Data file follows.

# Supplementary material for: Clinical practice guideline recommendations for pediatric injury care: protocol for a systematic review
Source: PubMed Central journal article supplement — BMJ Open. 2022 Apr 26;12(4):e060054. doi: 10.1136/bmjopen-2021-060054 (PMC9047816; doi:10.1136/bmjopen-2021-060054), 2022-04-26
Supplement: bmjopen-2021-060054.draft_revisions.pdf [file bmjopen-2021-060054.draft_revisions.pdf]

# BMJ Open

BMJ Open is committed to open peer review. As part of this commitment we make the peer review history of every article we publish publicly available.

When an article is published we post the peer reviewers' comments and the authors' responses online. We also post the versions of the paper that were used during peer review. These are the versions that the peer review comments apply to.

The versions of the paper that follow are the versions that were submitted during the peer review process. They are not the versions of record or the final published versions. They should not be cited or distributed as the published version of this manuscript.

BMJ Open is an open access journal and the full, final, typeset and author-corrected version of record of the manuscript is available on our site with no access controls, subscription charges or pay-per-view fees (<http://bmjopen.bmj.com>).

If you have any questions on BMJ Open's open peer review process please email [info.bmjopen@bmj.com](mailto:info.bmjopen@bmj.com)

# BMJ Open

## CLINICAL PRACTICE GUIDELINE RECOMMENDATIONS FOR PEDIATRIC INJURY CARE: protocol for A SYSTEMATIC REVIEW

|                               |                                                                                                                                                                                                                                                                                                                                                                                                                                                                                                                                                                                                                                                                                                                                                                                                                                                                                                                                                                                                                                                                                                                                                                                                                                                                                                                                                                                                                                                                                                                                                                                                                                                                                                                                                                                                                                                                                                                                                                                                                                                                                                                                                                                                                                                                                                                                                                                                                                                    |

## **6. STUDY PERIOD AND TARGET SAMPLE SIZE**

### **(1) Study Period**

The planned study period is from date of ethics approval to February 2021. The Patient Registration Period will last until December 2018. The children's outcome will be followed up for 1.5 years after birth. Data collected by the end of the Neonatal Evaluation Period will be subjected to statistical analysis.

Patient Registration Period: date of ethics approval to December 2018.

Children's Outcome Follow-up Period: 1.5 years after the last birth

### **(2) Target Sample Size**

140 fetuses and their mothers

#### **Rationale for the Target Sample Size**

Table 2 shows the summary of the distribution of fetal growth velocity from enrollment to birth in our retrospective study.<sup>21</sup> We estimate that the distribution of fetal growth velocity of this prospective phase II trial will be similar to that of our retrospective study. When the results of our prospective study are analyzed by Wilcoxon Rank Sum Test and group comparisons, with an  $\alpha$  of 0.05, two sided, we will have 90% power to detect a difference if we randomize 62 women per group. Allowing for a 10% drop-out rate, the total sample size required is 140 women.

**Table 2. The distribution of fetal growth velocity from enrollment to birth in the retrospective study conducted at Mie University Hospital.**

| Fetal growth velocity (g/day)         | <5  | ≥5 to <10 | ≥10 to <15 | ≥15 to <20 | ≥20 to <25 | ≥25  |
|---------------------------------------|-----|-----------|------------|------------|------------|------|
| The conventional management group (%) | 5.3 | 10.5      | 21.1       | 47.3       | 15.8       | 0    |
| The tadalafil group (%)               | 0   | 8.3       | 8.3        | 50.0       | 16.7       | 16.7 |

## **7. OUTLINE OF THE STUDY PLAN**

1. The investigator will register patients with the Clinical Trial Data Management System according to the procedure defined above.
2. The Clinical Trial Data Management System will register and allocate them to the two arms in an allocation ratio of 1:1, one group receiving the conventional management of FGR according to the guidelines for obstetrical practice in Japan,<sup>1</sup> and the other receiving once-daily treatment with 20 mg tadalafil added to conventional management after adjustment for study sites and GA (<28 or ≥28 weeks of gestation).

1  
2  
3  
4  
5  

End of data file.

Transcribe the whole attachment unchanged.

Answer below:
# Supplementary material for: Clinical practice guideline recommendations for pediatric injury care: protocol for a systematic review
Source: PubMed Central journal article supplement — BMJ Open. 2022 Apr 26;12(4):e060054. doi: 10.1136/bmjopen-2021-060054 (PMC9047816; doi:10.1136/bmjopen-2021-060054), 2022-04-26
Supplement: bmjopen-2021-060054.draft_revisions.pdf [file bmjopen-2021-060054.draft_revisions.pdf]

# BMJ Open

BMJ Open is committed to open peer review. As part of this commitment we make the peer review history of every article we publish publicly available.

When an article is published we post the peer reviewers' comments and the authors' responses online. We also post the versions of the paper that were used during peer review. These are the versions that the peer review comments apply to.

The versions of the paper that follow are the versions that were submitted during the peer review process. They are not the versions of record or the final published versions. They should not be cited or distributed as the published version of this manuscript.

BMJ Open is an open access journal and the full, final, typeset and author-corrected version of record of the manuscript is available on our site with no access controls, subscription charges or pay-per-view fees (<http://bmjopen.bmj.com>).

If you have any questions on BMJ Open's open peer review process please email [info.bmjopen@bmj.com](mailto:info.bmjopen@bmj.com)

# BMJ Open

## CLINICAL PRACTICE GUIDELINE RECOMMENDATIONS FOR PEDIATRIC INJURY CARE: protocol for A SYSTEMATIC REVIEW

|                               |                                                                                                                                                                                                                                                                                                                                                                                                                                                                                                                                                                                                                                                                                                                                                                                                                                                                                                                                                                                                                                                                                                                                                                                                                                                                                                                                                                                                                                                                                                                                                                                                                                                                                                                                                                                                                                                                                                                                                                                                                                                                                                                                                                                                                                                                                                                                                                                                                                                    |

## **6. STUDY PERIOD AND TARGET SAMPLE SIZE**

### **(1) Study Period**

The planned study period is from date of ethics approval to February 2021. The Patient Registration Period will last until December 2018. The children's outcome will be followed up for 1.5 years after birth. Data collected by the end of the Neonatal Evaluation Period will be subjected to statistical analysis.

Patient Registration Period: date of ethics approval to December 2018.

Children's Outcome Follow-up Period: 1.5 years after the last birth

### **(2) Target Sample Size**

140 fetuses and their mothers

#### **Rationale for the Target Sample Size**

Table 2 shows the summary of the distribution of fetal growth velocity from enrollment to birth in our retrospective study.<sup>21</sup> We estimate that the distribution of fetal growth velocity of this prospective phase II trial will be similar to that of our retrospective study. When the results of our prospective study are analyzed by Wilcoxon Rank Sum Test and group comparisons, with an  $\alpha$  of 0.05, two sided, we will have 90% power to detect a difference if we randomize 62 women per group. Allowing for a 10% drop-out rate, the total sample size required is 140 women.

**Table 2. The distribution of fetal growth velocity from enrollment to birth in the retrospective study conducted at Mie University Hospital.**

| Fetal growth velocity (g/day)         | <5  | ≥5 to <10 | ≥10 to <15 | ≥15 to <20 | ≥20 to <25 | ≥25  |
|---------------------------------------|-----|-----------|------------|------------|------------|------|
| The conventional management group (%) | 5.3 | 10.5      | 21.1       | 47.3       | 15.8       | 0    |
| The tadalafil group (%)               | 0   | 8.3       | 8.3        | 50.0       | 16.7       | 16.7 |

## **7. OUTLINE OF THE STUDY PLAN**

1. The investigator will register patients with the Clinical Trial Data Management System according to the procedure defined above.
2. The Clinical Trial Data Management System will register and allocate them to the two arms in an allocation ratio of 1:1, one group receiving the conventional management of FGR according to the guidelines for obstetrical practice in Japan,<sup>1</sup> and the other receiving once-daily treatment with 20 mg tadalafil added to conventional management after adjustment for study sites and GA (<28 or ≥28 weeks of gestation).

1  
2  
3  
4  
5  